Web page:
Cell, Molecular and Cancer Biology Program Graduate Courses
The Medical Sciences program offers the courses on this page for graduate students. Most courses require permission of course instructor.
This course provides a systematic study of human anatomy and how this anatomy may be examined with medical imaging. Lecture explores the anatomy and medical imaging of the following systems: skeletal, cardiovascular, nervous, respiratory, digestive, urinary and reproductive. Lab uses models, skeletal materials, and computerized/digital medical imaging examples. (Offered every other spring semester.)
Includes gross anatomy, embryology, and histology of the organ systems. Explores developmental processes (embryology) and microscopic-to-macroscopic structural organization of the human body. Course is subdivided into didactic (lecture) and lab (both histology and gross anatomy) components. Cadaveric dissection and virtual microscopy, along with medical imaging, are utilized.
This course takes students through a series of exercises that expose them to various forms of communication—from writing an abstract to preparing figures for papers versus posters versus talks and to talking about their science both to a scientific audience and to the lay public.
This course gives students a strong fundamental understanding of proper experimental design and commonly used research methods. The course is taught by critically evaluating common cellular and molecular biology techniques and by critiquing primary literature that utilizes these techniques. Recurring themes include hypothesis development, appropriate controls, biological versus technical replicates, troubleshooting, analysis of data, statistics, and presentation of data. Students learn how to evaluate and learn new protocols as well as evaluate experiments presented in primary literature.
Does the US provide the best health care in the world? What is Obamacare and why has it caused such a furor? Why is the US the only developed country that does not offer universal health insurance to its citizens? What is health care like in Canada, the United Kingdom and Germany? Taught by a physician, this course explores the concept of health insurance, reviews the historical development of the American health care system, compares the US system to other countries, and asks if we can envision a health care system that meets society’s practical and ethical obligations to its fellow citizens.
Graduate standing. In this Journal Club course, students take turns presenting new and significant findings relating to cancer biology and physiology. Students are encouraged to present high-impact articles relevant to their thesis research and integrate their own findings into the presentation. May be repeated.
Cancers are genetic diseases produced by mutations in the genes that control cell signaling and cell fate. This class provides an in-depth study of cell signaling and mechanisms by which cell fate is regulated. These concepts will be used to develop a comprehensive understanding of how tumor cells develop, recruit the support from normal cells, modulate the immune system, metastasize and are treated. (Offered every spring semester.)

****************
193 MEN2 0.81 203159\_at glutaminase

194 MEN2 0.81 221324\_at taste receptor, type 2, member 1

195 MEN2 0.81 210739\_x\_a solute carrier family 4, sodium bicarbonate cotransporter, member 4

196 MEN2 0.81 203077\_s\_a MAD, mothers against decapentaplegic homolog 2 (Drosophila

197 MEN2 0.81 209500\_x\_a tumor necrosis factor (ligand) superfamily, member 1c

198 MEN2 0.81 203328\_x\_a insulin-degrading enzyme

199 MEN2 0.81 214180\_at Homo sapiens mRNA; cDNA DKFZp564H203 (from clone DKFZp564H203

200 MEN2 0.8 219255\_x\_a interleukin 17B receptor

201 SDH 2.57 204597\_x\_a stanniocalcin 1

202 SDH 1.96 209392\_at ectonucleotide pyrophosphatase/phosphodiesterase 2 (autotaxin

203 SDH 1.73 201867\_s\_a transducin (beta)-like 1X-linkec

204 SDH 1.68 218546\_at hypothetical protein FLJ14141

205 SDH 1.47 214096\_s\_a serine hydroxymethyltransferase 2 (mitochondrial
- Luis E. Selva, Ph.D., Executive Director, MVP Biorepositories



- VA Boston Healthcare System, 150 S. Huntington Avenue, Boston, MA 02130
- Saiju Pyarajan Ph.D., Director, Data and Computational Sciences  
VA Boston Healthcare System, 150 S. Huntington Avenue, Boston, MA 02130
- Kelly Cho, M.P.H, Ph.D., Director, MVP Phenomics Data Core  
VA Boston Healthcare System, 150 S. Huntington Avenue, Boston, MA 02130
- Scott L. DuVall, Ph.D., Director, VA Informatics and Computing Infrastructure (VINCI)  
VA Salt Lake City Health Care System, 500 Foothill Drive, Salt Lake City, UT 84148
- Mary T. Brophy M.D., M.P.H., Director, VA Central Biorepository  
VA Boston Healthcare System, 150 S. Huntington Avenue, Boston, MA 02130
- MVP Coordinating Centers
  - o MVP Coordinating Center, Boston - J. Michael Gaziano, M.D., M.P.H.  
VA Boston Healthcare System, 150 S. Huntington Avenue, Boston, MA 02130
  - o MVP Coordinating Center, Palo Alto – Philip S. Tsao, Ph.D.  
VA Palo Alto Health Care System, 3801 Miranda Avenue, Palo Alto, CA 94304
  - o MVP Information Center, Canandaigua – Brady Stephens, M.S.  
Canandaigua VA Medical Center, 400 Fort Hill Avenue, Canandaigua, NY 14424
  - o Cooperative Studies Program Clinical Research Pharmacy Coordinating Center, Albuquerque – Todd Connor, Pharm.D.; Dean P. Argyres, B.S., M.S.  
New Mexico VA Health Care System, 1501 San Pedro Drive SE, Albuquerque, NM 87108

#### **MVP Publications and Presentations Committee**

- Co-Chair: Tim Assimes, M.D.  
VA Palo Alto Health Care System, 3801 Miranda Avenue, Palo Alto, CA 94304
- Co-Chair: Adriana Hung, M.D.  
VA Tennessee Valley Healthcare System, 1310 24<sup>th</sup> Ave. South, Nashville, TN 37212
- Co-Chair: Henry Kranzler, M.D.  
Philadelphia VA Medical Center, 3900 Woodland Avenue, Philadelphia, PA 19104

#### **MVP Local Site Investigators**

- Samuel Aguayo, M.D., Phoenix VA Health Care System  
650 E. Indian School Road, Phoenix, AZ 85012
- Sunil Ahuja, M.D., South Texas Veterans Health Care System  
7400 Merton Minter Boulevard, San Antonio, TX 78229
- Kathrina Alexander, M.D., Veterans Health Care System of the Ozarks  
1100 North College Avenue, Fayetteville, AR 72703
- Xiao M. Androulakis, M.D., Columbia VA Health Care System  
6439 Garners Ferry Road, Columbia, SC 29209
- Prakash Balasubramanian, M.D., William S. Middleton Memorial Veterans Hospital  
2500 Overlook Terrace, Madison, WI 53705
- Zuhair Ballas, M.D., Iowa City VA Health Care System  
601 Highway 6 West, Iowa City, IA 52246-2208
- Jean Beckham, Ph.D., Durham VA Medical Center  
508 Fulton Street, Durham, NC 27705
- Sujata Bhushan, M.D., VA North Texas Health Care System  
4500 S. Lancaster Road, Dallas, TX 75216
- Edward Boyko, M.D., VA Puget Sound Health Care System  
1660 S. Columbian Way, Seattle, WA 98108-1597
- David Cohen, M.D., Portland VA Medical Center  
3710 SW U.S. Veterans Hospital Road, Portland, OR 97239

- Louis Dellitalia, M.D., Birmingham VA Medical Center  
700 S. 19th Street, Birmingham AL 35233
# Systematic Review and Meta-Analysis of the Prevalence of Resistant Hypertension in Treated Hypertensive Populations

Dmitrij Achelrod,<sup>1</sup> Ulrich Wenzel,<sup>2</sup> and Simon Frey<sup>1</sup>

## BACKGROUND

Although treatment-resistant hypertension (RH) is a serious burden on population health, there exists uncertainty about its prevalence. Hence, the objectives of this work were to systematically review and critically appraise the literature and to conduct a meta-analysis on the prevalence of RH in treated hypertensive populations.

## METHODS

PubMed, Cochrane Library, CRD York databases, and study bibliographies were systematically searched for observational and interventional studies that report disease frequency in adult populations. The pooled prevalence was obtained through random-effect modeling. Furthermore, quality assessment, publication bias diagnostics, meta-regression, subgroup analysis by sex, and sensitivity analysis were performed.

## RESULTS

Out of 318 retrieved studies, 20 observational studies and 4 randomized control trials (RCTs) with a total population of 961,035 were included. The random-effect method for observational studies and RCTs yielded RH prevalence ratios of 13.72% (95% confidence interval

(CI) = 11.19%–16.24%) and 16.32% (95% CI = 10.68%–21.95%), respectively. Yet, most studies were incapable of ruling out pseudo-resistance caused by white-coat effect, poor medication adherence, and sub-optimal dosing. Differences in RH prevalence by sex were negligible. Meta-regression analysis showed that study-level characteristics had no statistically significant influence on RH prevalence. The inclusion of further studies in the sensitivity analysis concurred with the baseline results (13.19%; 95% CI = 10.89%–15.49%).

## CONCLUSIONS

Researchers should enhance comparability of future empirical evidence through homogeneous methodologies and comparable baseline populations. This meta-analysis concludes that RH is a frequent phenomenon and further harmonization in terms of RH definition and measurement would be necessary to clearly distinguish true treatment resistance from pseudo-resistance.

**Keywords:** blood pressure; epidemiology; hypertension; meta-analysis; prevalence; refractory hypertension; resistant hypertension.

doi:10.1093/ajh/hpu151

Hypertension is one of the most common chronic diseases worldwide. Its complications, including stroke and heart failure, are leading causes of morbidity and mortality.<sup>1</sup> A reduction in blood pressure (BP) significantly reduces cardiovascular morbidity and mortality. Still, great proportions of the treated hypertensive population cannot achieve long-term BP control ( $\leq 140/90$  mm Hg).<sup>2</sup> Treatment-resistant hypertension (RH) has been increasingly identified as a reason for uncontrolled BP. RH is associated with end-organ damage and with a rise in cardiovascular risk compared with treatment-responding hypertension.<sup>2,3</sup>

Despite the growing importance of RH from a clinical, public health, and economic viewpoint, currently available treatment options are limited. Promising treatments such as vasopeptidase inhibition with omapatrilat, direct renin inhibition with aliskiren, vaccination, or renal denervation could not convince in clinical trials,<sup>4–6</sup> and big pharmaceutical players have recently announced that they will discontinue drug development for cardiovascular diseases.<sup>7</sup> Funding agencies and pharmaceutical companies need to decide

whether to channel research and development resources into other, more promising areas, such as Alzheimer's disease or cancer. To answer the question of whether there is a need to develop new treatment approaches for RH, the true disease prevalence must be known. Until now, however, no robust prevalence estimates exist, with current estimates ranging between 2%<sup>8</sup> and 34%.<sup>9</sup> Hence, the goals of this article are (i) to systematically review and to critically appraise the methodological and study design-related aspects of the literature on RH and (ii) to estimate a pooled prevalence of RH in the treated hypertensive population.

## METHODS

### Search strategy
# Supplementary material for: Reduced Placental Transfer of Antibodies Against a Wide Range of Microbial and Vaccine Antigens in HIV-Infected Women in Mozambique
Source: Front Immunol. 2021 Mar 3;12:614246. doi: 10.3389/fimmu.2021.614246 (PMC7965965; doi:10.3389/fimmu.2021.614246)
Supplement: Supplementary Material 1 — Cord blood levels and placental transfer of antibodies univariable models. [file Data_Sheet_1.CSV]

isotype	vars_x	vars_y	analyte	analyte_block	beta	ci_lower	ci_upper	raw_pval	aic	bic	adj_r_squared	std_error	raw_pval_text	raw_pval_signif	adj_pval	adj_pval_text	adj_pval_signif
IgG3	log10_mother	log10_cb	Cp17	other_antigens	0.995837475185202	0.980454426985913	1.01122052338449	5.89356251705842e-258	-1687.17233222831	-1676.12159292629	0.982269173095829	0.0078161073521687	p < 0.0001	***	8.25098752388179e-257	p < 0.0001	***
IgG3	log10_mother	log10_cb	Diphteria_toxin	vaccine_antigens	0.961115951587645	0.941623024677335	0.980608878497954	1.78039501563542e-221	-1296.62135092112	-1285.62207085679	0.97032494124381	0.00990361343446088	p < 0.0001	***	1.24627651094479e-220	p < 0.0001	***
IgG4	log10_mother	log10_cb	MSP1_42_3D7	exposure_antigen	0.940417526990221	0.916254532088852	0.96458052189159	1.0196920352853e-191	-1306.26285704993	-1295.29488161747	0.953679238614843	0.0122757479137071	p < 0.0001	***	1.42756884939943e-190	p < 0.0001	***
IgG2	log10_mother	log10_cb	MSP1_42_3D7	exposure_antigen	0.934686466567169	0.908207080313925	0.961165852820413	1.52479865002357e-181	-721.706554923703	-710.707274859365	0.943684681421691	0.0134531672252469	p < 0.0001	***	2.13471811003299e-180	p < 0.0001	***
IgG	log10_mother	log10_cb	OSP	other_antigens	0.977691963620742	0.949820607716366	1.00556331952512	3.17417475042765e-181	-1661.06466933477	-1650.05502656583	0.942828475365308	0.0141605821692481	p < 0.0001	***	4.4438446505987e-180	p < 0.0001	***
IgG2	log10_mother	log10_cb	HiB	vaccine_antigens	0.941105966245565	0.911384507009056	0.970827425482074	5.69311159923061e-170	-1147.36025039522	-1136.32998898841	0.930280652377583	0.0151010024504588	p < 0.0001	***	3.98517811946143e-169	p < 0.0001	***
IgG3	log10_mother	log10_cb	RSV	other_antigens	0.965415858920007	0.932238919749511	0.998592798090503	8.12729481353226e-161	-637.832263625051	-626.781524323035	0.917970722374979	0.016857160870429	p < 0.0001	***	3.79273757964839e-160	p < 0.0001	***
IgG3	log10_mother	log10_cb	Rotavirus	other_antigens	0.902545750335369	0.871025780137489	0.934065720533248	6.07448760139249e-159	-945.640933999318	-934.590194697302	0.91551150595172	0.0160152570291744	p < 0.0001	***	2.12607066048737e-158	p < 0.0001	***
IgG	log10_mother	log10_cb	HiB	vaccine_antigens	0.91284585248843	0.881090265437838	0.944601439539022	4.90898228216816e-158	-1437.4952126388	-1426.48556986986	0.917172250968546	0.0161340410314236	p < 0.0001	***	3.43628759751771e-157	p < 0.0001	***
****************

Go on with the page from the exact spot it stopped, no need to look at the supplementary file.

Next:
This course highlights the scientific evidence for precision medicine approaches and covers what is needed to move the concept of precision medicine into clinical practice. As oncology is the clear choice for enhancing the near-term impact of precision medicine, this course focuses on individualized, molecular approaches to cancer. In addition, the course incorporates how findings in the cancer field will provide a strong framework for accelerating the adoption of precision medicine in other disease.
This course is for biomedical sciences graduate students who want to be excellent instructors and classroom researchers. Students learn about pedagogical methods, student learning styles and methods of instructional delivery. Students also learn about the scholarship of teaching and develop a foundation for implementing classroom research and assessment. (Offered every other spring semester.)
Course covers biochemistry, molecular biology, genetics, early embryology and basic tissue histology. Emphasizes foundational underpinning of concepts integral to the disciplines of biochemistry, cell and molecular biology, histology, and medical genetics, especially how they relate to the practice of medicine. Course consists of lecture, small group sessions, and labs.
Includes neuroanatomy and aspects of neuropharmacology, neuropathology, neurology, and psychiatry. Provides a comprehensive introduction to the structure, function and disorders of the human nervous system. Using an organ system-based approach, this highly multidisciplinary course integrates a strong foundational basic science framework (neuroanatomy, systems neurophysiology, neuroembryology, neuropharmacology and neuropathology) with clinical neurology and psychiatry. Students acquire the medical knowledge and problem-solving skills necessary to diagnose, describe and treat patients with a broad range of acquired and congenital neurologic and psychiatric diseases, syndromes, and pathologies seen commonly in clinical practice.
Independent research in thesis laboratory.
Includes aspects of physiology, pathology, and pharmacology. Students’ knowledge of physiological, pathophysiological and pharmacological principles will enable them to describe maintenance of normal physiologic functions and discuss disease states and drug treatments in terms of altered cellular and tissue function.